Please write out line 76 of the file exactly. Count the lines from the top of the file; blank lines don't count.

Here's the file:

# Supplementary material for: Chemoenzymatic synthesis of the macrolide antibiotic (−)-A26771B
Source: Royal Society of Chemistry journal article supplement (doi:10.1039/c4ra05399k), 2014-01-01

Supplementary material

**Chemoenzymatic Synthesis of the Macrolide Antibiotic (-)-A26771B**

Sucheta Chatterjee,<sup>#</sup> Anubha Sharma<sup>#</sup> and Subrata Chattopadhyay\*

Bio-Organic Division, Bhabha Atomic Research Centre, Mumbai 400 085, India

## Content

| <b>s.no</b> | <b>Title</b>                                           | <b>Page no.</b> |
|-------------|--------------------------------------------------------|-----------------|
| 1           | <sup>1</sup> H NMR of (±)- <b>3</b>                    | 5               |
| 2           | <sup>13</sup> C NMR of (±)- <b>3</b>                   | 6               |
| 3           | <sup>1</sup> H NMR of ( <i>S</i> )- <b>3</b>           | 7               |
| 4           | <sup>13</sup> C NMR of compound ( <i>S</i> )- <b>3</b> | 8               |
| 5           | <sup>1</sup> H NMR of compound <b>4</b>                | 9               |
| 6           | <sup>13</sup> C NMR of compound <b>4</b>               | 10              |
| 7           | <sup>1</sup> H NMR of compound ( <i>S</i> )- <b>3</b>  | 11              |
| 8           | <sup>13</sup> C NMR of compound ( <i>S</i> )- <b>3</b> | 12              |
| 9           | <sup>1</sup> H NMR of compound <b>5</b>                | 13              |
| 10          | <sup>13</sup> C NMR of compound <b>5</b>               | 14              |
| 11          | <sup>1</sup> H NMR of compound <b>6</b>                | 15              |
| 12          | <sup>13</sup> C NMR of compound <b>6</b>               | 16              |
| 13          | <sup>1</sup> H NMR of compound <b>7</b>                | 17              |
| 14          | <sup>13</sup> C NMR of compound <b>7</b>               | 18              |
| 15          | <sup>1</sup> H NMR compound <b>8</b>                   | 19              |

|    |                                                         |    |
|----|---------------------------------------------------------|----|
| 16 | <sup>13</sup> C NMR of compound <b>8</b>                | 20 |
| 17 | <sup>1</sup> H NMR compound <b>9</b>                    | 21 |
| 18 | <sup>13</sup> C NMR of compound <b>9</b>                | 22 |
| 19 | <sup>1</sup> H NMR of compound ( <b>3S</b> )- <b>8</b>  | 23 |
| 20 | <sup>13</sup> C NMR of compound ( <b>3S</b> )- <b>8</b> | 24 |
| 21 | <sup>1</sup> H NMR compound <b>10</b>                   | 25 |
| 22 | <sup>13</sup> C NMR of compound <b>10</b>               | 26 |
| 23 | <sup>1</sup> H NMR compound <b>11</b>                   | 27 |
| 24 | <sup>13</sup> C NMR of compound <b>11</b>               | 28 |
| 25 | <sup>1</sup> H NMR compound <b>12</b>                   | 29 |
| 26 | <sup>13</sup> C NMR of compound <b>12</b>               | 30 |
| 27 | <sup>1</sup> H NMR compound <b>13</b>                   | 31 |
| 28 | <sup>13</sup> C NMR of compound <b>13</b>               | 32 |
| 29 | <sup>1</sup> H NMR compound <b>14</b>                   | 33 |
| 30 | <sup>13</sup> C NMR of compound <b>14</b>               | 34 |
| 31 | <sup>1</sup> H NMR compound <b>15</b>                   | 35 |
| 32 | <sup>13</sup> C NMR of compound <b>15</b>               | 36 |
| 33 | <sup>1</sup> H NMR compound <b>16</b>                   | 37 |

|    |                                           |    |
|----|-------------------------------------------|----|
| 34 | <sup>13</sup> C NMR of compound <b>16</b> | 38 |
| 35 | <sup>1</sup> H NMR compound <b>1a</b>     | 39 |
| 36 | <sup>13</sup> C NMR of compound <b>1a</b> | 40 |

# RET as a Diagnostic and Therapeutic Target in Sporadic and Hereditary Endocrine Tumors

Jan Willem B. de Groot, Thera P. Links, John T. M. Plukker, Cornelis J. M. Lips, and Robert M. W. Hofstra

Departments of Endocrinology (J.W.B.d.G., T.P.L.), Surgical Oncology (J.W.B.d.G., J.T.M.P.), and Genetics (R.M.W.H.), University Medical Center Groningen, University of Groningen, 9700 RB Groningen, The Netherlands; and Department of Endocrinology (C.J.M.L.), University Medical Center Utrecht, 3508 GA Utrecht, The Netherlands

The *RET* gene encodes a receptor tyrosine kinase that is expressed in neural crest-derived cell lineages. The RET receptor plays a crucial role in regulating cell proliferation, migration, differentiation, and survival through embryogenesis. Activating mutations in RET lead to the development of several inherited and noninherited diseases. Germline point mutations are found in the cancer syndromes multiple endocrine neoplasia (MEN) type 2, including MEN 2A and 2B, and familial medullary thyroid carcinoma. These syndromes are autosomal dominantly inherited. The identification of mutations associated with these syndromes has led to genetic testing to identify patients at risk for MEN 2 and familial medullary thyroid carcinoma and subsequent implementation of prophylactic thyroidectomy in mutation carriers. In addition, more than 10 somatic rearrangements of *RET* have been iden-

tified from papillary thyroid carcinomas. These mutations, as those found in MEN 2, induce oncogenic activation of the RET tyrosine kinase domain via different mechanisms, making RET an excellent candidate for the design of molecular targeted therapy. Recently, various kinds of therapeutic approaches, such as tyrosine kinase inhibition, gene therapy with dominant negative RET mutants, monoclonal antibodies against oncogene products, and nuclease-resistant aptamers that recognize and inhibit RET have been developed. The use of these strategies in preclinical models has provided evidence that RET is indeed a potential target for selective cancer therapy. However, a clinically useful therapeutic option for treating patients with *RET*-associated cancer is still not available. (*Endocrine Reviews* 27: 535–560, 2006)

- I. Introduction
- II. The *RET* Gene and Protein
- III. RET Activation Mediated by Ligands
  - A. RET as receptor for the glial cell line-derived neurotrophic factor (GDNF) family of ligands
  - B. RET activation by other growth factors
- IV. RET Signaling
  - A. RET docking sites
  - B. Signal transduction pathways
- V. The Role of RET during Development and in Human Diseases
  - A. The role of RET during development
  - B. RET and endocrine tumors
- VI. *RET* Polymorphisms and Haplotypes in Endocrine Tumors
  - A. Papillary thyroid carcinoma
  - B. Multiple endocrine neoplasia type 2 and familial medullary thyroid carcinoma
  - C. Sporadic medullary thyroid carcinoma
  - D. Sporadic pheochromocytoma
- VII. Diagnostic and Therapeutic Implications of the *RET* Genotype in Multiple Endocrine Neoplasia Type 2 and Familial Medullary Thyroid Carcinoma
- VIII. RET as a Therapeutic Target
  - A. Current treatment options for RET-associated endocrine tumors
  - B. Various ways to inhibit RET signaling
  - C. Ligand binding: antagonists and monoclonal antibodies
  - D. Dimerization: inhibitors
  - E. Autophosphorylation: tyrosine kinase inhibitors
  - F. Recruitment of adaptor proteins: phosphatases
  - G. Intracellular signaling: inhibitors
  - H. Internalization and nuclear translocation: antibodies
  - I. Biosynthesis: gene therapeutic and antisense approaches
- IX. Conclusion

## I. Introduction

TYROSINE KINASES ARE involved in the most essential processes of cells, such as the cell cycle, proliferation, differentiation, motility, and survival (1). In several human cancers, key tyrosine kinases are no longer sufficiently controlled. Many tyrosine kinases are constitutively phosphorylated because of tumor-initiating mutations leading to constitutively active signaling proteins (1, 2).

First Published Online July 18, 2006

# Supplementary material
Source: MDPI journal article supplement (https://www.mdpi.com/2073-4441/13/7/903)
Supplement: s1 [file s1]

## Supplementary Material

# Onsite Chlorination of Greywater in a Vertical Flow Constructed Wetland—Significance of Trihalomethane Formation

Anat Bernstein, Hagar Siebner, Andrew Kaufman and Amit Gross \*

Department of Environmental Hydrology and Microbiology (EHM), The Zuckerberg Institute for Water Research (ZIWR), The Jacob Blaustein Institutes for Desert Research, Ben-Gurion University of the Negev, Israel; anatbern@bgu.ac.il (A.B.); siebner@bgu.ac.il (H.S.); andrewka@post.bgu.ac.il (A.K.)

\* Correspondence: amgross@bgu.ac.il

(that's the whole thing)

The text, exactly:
  - D. Dimerization: inhibitors